Last week, I talked about batching: breaking up complex tasks into their component steps, then doing just one step multiple times at once.
When all the steps are batched like this, the work on each step goes much faster than if you do all the steps in a complex task one after another, switching your attention, your tools and resources, and refocusing for each step.
The opposite of batching is chunking: Breaking up a big task into chunks of time.
Chunking is eating an elephant one bite at a time.
If the task is a monotask–without multiple steps you can break up into batches–then it’s a good candidate for chunking.
There’s two ways to chunk.
The idea behind this approach is to clear the decks, and do nothing but the big job. It might take you a full day, or a few days. You dedicated all your time and energy into getting ‘er done.
Jobs that have a distinct end are good for big chunks. So are jobs that have deadlines. Changing all your categories on Amazon. Adding all your books to a new retail site.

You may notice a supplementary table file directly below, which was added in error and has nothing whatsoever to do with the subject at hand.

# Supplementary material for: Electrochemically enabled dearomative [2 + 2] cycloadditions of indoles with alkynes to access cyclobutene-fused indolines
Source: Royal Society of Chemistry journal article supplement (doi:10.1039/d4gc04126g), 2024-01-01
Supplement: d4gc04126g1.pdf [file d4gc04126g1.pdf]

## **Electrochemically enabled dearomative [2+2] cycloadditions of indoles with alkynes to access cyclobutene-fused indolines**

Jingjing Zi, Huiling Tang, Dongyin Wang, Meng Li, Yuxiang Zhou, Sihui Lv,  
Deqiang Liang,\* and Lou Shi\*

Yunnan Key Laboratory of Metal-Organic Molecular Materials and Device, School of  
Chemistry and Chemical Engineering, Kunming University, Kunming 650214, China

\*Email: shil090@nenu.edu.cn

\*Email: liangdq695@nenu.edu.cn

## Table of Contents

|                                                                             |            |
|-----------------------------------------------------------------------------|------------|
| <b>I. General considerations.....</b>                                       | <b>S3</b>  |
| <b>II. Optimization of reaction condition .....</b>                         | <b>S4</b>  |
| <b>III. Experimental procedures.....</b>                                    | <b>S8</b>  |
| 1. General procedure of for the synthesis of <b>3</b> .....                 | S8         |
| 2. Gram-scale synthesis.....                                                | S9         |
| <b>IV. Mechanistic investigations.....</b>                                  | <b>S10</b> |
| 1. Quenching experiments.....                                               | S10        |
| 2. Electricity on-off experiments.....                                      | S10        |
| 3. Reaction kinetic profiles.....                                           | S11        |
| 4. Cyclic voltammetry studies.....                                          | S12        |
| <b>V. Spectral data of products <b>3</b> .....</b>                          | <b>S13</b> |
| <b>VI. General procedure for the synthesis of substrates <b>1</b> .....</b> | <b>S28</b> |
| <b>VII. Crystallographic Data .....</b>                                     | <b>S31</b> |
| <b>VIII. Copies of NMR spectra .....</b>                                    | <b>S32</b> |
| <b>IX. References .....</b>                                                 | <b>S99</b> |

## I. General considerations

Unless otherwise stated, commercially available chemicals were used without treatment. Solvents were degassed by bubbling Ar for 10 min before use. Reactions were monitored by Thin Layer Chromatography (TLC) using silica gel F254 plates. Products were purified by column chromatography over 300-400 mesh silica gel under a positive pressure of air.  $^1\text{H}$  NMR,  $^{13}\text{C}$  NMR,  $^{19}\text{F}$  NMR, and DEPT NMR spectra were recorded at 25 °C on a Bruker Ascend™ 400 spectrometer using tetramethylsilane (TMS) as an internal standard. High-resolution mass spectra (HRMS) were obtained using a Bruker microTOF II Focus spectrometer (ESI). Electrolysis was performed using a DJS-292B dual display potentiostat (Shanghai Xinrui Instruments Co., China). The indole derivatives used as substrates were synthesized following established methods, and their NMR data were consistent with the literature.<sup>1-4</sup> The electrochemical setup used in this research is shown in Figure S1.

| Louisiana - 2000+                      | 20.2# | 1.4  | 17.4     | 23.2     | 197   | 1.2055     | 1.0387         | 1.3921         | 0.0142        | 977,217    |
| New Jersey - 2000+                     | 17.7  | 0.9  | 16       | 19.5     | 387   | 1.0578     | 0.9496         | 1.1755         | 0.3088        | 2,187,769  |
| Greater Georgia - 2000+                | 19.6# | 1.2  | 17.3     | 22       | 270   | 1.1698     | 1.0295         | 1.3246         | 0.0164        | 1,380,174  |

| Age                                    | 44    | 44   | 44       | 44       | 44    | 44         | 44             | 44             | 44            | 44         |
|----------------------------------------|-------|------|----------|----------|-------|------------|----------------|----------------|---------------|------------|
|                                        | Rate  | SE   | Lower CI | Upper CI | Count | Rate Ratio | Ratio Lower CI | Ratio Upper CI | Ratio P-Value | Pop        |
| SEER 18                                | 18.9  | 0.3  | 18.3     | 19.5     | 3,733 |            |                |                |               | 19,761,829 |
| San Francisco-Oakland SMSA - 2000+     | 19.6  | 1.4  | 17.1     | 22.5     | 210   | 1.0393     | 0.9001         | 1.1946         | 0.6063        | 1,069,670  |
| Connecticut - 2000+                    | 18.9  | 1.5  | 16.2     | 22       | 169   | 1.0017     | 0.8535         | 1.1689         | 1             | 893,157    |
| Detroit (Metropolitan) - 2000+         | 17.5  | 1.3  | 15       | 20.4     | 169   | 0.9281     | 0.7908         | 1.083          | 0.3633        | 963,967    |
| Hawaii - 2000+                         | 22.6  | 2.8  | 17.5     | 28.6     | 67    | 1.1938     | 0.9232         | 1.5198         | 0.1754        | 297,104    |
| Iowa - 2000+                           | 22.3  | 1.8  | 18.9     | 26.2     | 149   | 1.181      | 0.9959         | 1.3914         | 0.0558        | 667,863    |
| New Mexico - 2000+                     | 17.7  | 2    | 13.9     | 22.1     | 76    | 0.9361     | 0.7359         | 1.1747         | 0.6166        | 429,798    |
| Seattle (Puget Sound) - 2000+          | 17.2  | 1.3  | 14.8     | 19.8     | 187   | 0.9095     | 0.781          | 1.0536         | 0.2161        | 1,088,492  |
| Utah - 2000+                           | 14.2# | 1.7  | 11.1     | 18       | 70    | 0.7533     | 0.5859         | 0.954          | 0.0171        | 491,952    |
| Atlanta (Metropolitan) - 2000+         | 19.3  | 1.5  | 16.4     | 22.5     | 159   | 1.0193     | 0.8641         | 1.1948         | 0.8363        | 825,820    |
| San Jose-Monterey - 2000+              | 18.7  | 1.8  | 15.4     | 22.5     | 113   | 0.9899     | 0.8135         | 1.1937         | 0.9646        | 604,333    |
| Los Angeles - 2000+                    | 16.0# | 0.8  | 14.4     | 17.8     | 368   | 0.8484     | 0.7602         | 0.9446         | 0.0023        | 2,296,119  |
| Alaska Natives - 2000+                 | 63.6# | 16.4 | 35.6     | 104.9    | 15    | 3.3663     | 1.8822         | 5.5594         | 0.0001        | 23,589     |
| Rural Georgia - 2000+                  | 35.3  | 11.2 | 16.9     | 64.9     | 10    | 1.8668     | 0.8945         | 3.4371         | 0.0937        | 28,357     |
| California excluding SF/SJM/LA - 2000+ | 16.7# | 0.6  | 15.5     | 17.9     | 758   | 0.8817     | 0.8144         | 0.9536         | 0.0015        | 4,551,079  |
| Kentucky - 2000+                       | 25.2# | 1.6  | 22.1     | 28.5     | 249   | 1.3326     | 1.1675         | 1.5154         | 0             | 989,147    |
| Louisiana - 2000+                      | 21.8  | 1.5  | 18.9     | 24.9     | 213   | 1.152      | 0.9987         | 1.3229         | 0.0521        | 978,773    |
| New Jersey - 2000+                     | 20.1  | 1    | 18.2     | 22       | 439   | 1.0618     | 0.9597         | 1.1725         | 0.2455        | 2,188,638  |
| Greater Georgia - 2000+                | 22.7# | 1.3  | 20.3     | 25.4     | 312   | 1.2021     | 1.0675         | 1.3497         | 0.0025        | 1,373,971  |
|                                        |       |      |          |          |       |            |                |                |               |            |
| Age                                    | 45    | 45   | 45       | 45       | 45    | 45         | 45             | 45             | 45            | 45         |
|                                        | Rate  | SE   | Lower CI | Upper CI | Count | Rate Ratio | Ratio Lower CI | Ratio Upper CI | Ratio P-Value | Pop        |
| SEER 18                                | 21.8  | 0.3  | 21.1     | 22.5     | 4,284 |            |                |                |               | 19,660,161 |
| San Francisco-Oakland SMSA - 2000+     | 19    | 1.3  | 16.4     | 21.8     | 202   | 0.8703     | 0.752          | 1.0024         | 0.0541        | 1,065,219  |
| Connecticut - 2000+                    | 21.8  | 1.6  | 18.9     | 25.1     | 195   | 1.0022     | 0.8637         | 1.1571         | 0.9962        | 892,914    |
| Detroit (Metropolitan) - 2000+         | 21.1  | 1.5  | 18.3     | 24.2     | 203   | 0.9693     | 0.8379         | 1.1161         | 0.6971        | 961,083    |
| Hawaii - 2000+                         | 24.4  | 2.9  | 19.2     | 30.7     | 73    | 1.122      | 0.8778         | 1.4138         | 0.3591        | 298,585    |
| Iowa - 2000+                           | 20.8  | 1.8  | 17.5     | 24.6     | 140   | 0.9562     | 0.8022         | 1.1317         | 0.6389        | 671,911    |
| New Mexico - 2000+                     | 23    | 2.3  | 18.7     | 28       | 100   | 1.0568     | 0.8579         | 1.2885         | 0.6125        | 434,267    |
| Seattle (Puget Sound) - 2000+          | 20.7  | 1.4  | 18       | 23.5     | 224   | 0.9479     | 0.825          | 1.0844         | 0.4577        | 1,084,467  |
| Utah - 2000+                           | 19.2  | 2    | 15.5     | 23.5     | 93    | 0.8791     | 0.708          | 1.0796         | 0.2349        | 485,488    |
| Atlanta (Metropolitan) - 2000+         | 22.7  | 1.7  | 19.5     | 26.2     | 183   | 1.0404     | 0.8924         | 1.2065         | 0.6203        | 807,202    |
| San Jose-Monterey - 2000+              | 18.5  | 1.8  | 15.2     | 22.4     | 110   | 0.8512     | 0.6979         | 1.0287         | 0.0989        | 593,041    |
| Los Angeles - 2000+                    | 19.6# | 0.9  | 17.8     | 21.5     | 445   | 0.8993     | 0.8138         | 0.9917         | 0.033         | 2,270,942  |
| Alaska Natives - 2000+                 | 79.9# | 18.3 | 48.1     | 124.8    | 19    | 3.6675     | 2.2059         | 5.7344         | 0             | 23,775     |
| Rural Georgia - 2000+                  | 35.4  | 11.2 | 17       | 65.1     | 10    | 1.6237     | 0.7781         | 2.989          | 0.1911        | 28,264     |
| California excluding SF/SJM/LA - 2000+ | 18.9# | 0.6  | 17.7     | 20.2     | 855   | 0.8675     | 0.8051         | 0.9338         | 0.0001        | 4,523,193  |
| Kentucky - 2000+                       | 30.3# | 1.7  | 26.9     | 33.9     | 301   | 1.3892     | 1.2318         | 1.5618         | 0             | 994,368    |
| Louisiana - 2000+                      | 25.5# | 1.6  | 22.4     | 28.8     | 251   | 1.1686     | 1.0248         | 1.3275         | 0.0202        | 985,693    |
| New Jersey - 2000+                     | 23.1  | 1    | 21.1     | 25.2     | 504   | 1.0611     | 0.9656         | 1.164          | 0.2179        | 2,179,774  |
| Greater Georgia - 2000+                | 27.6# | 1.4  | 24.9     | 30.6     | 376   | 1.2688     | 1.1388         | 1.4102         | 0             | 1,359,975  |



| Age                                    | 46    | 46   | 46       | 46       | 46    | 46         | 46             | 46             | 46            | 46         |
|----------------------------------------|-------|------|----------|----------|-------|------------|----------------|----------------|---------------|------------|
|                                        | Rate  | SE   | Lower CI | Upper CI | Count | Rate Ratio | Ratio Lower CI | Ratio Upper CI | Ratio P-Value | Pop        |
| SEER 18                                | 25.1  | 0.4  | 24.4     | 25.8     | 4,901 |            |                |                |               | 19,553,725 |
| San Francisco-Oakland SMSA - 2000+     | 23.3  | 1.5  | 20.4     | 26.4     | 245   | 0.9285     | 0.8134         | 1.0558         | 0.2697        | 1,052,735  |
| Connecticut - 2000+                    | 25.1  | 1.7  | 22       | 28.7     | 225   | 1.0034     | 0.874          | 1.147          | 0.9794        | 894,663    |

Projects and jobs that are monotasks–the brain-deadening, must-be-done chores, such as sorting and filing documents on your hard drive, often don’t have a clear end. They’re massive, and tend to generate new work every day.
These are the jobs you have to chunk down. 15 minutes a day. Or 30 minutes. If you’re not staying on top of the work, if it generates more items to process than you can deal with in your allotted time, then up the time each day until you’re staying on top of the work over the long term.
You’ll quickly figure out how much time you can devote to these tasks, and how much time you should devote to them.
Be cautious about having too many of these chunked up jobs on your to do list. They’ll chew up time you might not be able to spare.
One way to pare down these chunked up daily projects is to string them together consecutively. When you get to the end of one project, the next highest in priority takes over the time you dedicated to the first, and so on.